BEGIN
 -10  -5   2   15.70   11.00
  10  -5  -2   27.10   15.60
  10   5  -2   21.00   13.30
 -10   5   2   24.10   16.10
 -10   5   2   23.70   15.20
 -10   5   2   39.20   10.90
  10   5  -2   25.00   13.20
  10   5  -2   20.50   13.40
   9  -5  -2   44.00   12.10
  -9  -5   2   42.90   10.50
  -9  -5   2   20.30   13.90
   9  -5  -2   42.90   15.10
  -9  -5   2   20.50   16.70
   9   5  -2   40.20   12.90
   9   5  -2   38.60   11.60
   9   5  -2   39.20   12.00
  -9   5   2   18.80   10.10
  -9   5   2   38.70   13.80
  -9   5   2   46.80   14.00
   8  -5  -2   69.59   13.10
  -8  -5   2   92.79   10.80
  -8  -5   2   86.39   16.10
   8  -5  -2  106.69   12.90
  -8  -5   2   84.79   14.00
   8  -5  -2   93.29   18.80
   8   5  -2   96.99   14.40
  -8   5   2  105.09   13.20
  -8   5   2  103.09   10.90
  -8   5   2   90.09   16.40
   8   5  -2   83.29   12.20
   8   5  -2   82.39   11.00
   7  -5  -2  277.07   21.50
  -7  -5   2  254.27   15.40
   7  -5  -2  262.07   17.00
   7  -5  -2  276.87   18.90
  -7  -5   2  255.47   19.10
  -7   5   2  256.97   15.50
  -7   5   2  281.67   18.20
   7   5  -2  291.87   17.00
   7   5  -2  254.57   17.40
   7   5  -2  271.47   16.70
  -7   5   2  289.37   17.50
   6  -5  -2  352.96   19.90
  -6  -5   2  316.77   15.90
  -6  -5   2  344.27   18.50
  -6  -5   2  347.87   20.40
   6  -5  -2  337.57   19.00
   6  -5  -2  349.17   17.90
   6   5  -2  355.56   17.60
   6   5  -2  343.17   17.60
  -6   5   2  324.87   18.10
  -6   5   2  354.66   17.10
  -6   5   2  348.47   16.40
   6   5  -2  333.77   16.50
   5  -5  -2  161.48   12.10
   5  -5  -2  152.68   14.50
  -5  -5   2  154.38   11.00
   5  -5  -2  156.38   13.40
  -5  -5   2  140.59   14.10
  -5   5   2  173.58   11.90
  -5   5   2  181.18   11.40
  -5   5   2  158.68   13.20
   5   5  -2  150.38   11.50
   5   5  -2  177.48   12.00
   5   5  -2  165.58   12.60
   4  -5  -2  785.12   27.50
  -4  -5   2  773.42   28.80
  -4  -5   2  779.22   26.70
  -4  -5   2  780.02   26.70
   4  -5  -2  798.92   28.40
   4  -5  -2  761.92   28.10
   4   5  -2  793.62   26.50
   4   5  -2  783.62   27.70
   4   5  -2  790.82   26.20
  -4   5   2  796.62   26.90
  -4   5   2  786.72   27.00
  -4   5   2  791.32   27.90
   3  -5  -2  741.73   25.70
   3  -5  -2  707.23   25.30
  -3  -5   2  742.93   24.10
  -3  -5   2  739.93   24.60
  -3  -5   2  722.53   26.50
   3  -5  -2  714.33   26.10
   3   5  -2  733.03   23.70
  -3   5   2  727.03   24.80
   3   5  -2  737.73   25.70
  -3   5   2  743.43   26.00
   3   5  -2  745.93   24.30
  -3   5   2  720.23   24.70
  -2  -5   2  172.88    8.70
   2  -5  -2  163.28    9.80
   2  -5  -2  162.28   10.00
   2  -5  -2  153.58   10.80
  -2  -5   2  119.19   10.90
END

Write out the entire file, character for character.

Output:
 -10  -5   2   15.70   11.00
  10  -5  -2   27.10   15.60
  10   5  -2   21.00   13.30
 -10   5   2   24.10   16.10
 -10   5   2   23.70   15.20
 -10   5   2   39.20   10.90
  10   5  -2   25.00   13.20
  10   5  -2   20.50   13.40
   9  -5  -2   44.00   12.10
  -9  -5   2   42.90   10.50
  -9  -5   2   20.30   13.90
   9  -5  -2   42.90   15.10
  -9  -5   2   20.50   16.70
   9   5  -2   40.20   12.90
   9   5  -2   38.60   11.60
   9   5  -2   39.20   12.00
  -9   5   2   18.80   10.10
  -9   5   2   38.70   13.80
  -9   5   2   46.80   14.00
   8  -5  -2   69.59   13.10
  -8  -5   2   92.79   10.80
  -8  -5   2   86.39   16.10
   8  -5  -2  106.69   12.90
  -8  -5   2   84.79   14.00
   8  -5  -2   93.29   18.80
   8   5  -2   96.99   14.40
  -8   5   2  105.09   13.20
  -8   5   2  103.09   10.90
  -8   5   2   90.09   16.40
   8   5  -2   83.29   12.20
   8   5  -2   82.39   11.00
   7  -5  -2  277.07   21.50
  -7  -5   2  254.27   15.40
   7  -5  -2  262.07   17.00
   7  -5  -2  276.87   18.90
  -7  -5   2  255.47   19.10
  -7   5   2  256.97   15.50
  -7   5   2  281.67   18.20
   7   5  -2  291.87   17.00
   7   5  -2  254.57   17.40
   7   5  -2  271.47   16.70
  -7   5   2  289.37   17.50
   6  -5  -2  352.96   19.90
  -6  -5   2  316.77   15.90
  -6  -5   2  344.27   18.50
  -6  -5   2  347.87   20.40
   6  -5  -2  337.57   19.00
   6  -5  -2  349.17   17.90
   6   5  -2  355.56   17.60
   6   5  -2  343.17   17.60
  -6   5   2  324.87   18.10
  -6   5   2  354.66   17.10
  -6   5   2  348.47   16.40
   6   5  -2  333.77   16.50
   5  -5  -2  161.48   12.10
   5  -5  -2  152.68   14.50
  -5  -5   2  154.38   11.00
   5  -5  -2  156.38   13.40
  -5  -5   2  140.59   14.10
  -5   5   2  173.58   11.90
  -5   5   2  181.18   11.40
  -5   5   2  158.68   13.20
   5   5  -2  150.38   11.50
   5   5  -2  177.48   12.00
   5   5  -2  165.58   12.60
   4  -5  -2  785.12   27.50
  -4  -5   2  773.42   28.80
  -4  -5   2  779.22   26.70
  -4  -5   2  780.02   26.70
   4  -5  -2  798.92   28.40
   4  -5  -2  761.92   28.10
   4   5  -2  793.62   26.50
   4   5  -2  783.62   27.70
   4   5  -2  790.82   26.20
  -4   5   2  796.62   26.90
  -4   5   2  786.72   27.00
  -4   5   2  791.32   27.90
   3  -5  -2  741.73   25.70
   3  -5  -2  707.23   25.30
  -3  -5   2  742.93   24.10
  -3  -5   2  739.93   24.60
  -3  -5   2  722.53   26.50
   3  -5  -2  714.33   26.10
   3   5  -2  733.03   23.70
  -3   5   2  727.03   24.80
   3   5  -2  737.73   25.70
  -3   5   2  743.43   26.00
   3   5  -2  745.93   24.30
  -3   5   2  720.23   24.70
  -2  -5   2  172.88    8.70
   2  -5  -2  163.28    9.80
   2  -5  -2  162.28   10.00
   2  -5  -2  153.58   10.80
  -2  -5   2  119.19   10.90